UNITED NATIONS - France and Russia want key changes in a U.S.-drafted resolution on Iraqi disarmament that the United States is not prepared to make during Friday's review of the document among all 15 council members.
The proposed U.S. resolution, co-sponsored by Britain, give U.N. arms inspectors far-reaching rights and privileges in ferreting out any weapons of mass destruction programs in Iraq.
It declares Iraq in "material breach" of U.N. resolutions and warns Iraq of "serious consequences" if it thwarts U.N. weapons inspections, language Russia and France fear the United States can interpret as sufficient for military action.
In preparation for the Friday closed-door council session France held meetings with the 10 temporary members of the council to argue against having "material breach" in the text and changing other key U.S. demands.
But Secretary of State Colin Powell as well as national security adviser Condoleezza Rice have made clear this week that deleting these provisions were not negotiable, although they were open to other changes in the text.
Russia produced its own draft, almost identical to one France circulated several weeks ago but did not formally introduce it. At the same time French envoys distributed another set of proposals they are using as a negotiating stance, diplomats said.
Both Russia and France want U.N. inspectors to report on Iraq's cooperation with arms inspections to the Security Council before considering the use of military force.
Iraq last month allowed the arms inspectors to return unconditionally. They left in December 1998 on the eve of a U.S.-British bombing raid.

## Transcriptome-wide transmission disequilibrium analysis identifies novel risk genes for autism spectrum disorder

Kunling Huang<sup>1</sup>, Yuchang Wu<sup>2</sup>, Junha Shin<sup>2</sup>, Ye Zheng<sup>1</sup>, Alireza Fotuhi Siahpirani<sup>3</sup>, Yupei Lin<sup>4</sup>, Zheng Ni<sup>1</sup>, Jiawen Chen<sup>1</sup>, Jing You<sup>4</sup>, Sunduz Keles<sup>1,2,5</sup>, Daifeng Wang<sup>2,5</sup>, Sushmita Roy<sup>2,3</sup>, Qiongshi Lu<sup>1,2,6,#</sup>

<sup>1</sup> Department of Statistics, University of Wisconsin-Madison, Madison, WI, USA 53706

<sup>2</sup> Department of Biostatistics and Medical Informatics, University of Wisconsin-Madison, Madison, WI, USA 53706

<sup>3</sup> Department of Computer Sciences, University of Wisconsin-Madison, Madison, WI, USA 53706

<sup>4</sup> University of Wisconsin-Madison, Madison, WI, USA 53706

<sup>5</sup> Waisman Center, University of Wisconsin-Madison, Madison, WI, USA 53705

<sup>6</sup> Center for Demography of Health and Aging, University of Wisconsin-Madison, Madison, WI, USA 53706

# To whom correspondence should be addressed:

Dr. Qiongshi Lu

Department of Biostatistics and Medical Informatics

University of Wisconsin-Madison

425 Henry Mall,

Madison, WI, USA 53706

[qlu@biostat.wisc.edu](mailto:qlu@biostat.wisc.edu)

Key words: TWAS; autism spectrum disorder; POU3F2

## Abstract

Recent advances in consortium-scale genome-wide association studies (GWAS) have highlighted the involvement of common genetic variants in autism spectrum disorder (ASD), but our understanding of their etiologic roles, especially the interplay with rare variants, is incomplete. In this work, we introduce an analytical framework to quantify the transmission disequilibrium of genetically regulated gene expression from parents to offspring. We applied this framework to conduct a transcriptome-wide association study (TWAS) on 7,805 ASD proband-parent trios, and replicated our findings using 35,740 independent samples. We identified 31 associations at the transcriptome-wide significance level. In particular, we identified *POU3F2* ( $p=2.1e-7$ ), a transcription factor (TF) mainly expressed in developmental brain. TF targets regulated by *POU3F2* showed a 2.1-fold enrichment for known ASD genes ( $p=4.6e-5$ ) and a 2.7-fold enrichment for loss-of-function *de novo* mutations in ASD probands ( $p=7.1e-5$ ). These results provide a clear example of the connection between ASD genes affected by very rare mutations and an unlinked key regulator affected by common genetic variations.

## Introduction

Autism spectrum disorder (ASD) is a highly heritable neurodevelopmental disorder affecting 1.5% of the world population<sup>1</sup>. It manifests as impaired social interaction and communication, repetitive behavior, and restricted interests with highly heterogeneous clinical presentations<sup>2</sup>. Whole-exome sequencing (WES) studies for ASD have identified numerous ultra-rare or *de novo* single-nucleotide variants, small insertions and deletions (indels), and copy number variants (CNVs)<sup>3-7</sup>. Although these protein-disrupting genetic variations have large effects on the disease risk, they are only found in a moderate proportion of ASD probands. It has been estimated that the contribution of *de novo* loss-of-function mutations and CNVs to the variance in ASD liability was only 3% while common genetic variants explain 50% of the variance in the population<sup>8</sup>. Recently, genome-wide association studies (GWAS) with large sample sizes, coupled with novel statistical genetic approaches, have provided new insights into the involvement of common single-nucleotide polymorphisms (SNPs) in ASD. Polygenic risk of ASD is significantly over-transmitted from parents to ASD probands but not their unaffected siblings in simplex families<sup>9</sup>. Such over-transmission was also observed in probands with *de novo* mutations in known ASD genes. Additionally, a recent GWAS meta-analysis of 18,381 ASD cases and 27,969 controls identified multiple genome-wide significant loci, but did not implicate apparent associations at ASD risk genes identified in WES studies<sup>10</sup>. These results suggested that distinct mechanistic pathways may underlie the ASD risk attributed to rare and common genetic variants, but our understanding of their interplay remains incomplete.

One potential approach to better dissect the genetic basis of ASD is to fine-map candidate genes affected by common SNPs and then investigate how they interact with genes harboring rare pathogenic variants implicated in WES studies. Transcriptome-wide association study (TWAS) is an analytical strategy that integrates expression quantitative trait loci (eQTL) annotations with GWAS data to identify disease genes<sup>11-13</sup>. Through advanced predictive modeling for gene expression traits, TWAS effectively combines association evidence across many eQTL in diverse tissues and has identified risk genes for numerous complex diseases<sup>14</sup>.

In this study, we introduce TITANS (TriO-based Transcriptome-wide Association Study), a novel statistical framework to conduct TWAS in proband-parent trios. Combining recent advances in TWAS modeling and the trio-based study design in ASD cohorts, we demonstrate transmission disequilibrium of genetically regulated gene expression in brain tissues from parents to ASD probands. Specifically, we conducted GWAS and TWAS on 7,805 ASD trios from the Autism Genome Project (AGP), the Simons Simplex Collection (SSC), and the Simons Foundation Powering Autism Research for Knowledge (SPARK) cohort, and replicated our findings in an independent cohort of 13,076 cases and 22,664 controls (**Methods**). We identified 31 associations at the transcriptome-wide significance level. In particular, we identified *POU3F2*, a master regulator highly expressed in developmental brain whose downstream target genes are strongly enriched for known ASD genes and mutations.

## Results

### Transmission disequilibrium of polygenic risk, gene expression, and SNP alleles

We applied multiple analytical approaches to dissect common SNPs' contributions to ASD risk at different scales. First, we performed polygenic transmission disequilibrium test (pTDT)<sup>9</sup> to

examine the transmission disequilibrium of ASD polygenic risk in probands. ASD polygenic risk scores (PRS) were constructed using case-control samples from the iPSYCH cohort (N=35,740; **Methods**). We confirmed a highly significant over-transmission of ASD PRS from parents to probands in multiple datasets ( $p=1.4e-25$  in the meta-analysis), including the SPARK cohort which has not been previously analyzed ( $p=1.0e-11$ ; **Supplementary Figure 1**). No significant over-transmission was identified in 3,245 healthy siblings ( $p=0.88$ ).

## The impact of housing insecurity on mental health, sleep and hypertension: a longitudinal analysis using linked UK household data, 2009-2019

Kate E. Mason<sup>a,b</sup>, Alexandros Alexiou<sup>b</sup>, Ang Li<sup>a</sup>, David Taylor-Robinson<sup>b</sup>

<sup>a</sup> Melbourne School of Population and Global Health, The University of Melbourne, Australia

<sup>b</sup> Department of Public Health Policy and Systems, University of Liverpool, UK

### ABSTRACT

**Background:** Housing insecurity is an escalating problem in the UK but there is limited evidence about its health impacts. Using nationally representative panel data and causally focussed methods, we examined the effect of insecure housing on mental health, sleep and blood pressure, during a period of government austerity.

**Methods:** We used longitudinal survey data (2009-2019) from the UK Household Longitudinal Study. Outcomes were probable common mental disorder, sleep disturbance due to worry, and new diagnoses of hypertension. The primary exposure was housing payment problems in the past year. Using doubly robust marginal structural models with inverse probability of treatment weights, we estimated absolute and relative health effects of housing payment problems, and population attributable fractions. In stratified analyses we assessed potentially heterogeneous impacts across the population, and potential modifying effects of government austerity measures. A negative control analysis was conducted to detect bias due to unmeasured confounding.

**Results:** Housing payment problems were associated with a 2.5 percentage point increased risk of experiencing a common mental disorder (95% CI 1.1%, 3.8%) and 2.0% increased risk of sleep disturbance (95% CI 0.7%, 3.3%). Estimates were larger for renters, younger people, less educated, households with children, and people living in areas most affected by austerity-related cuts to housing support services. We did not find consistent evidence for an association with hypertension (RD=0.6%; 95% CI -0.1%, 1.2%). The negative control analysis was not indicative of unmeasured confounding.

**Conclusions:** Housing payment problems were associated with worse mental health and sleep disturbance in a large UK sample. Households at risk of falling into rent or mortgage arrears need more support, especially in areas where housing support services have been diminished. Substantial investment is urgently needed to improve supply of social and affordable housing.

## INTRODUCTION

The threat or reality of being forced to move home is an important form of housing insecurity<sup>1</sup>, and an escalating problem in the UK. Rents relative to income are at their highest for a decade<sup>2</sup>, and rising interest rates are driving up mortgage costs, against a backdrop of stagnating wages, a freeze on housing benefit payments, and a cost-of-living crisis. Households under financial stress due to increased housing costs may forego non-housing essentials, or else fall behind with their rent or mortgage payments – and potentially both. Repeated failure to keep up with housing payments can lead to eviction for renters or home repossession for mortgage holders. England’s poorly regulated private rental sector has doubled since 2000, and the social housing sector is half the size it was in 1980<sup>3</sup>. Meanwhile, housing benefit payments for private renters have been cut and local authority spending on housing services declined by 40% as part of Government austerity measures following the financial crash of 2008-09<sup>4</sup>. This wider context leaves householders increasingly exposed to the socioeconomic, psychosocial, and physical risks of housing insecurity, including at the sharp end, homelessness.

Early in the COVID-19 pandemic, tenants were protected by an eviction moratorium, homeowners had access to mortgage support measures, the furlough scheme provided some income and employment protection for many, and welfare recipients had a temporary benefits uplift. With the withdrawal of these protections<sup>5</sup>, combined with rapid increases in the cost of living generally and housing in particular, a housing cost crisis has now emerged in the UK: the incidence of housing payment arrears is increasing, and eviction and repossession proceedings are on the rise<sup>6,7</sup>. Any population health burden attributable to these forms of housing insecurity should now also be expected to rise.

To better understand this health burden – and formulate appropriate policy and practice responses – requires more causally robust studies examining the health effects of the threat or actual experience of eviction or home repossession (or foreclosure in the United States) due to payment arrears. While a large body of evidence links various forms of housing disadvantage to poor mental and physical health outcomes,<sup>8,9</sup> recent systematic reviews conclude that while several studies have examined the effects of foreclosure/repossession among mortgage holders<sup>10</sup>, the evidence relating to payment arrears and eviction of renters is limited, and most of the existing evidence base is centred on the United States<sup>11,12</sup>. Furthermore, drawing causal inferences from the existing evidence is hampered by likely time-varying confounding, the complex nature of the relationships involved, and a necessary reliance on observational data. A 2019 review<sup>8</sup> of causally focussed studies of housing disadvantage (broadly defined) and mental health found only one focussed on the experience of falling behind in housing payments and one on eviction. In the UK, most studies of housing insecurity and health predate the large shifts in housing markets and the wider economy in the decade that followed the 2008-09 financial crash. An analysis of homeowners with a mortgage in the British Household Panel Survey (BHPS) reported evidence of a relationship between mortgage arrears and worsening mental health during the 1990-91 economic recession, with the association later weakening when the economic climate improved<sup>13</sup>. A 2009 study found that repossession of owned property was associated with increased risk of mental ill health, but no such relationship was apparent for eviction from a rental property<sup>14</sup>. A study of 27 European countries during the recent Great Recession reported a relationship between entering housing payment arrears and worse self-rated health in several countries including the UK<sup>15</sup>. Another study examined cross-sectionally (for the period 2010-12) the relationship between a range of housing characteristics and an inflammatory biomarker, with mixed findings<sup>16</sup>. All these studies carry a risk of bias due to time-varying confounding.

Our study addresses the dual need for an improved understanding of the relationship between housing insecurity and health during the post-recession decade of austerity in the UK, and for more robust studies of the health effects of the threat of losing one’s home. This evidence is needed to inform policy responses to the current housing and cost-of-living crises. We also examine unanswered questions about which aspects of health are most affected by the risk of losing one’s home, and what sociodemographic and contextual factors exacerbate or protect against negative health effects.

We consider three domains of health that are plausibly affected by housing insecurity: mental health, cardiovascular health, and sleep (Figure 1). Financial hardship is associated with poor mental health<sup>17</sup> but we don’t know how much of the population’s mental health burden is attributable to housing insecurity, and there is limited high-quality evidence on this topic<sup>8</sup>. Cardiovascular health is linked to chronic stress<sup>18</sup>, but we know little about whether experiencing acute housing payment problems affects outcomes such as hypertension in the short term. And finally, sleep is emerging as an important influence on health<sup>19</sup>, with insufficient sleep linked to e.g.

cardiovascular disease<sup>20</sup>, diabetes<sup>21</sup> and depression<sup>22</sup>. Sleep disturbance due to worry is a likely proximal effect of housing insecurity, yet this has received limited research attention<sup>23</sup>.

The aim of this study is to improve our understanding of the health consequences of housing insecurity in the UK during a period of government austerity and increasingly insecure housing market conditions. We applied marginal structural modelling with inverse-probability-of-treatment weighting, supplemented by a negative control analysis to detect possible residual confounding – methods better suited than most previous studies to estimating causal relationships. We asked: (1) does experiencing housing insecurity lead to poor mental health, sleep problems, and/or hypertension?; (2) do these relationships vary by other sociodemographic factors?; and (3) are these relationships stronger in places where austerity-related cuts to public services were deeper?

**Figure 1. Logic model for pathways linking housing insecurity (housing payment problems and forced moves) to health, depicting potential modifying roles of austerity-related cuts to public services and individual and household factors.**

EVERY VOTE CRUCIAL
The United States, Britain, France, Russia and China are permanent Security Council members with veto power. For a resolution to be adopted, nine "yes" votes are needed and no veto, which means every vote is crucial.
Neither Russia nor France has threatened a veto but are hoping the 10 non-permanent members of the council will insist on enough changes to force Washington to make more concessions.
The 10 non-permanent members are: Bulgaria, Cameroon, Colombia, Guinea, Ireland, Mauritius, Mexico, Norway, Singapore and Syria.
U.S. officials, who believe they have a majority, are hoping for a vote next week but Powell appeared relaxed about the timetable in comments to leading businessmen at a Pacific Rim conference in Los Cabos, Mexico.
"I am hopeful that in the not too distant future, the next days, a week or two, the United Nations will act in a powerful way and let Iraq know that it must obey or suffer consequences for continued disobedience," he said late on Thursday."
Colombian Ambassador Alfonso Valdivieso told reporters before the meeting that the U.S. draft "was getting a little bit more support but it's not there yet."
Council members are expected to spend most of Friday going through the text slowly, with each member suggesting word changes. On Monday chief weapons inspector Hans Blix and Mohammed ElBaradei, head of the International Atomic Energy Agency, give the council their views on the draft resolution.
The United States and Britain, meanwhile are lobbying the nations with seats on the council in various capitals in the world as well as in New York.
Chinese President Jiang Zemin meets President Bush at his Texas ranch on Friday. Beijing, which has spoken out against a war with Iraq, is expected to abstain on any resolution the council may adopt.
Powell, at the edges of a meeting of foreign and trade ministers from the 21-member Asia Pacific Economic Cooperation group, held separate talks on Thursday with the Russian Foreign Minister Igor Ivanov after lobbying Mexico, which had earlier agreed with France on the he resolution.
Powell also spoke to Singapore, which has a council seat, telling Lee Yock Suan, a second minister for foreign affairs, he hoped his country would make its support known "at the meeting that will be in New York."
Iraqi Foreign Minister Naji Sabri, on Thursday likened the U.S. draft to a declaration of war against Baghdad and the United Nations. He said Washington was using the world body "to create justifications for attacking Iraq."
In a letter to U.N. Secretary-General Kofi Annan, Sabri said he did not understand why a new resolution was needed in the first place. He also asked why the weapons inspectors had not come to Baghdad to begin work, according to U.N. officials.
Copyright 2002 Reuters Ltd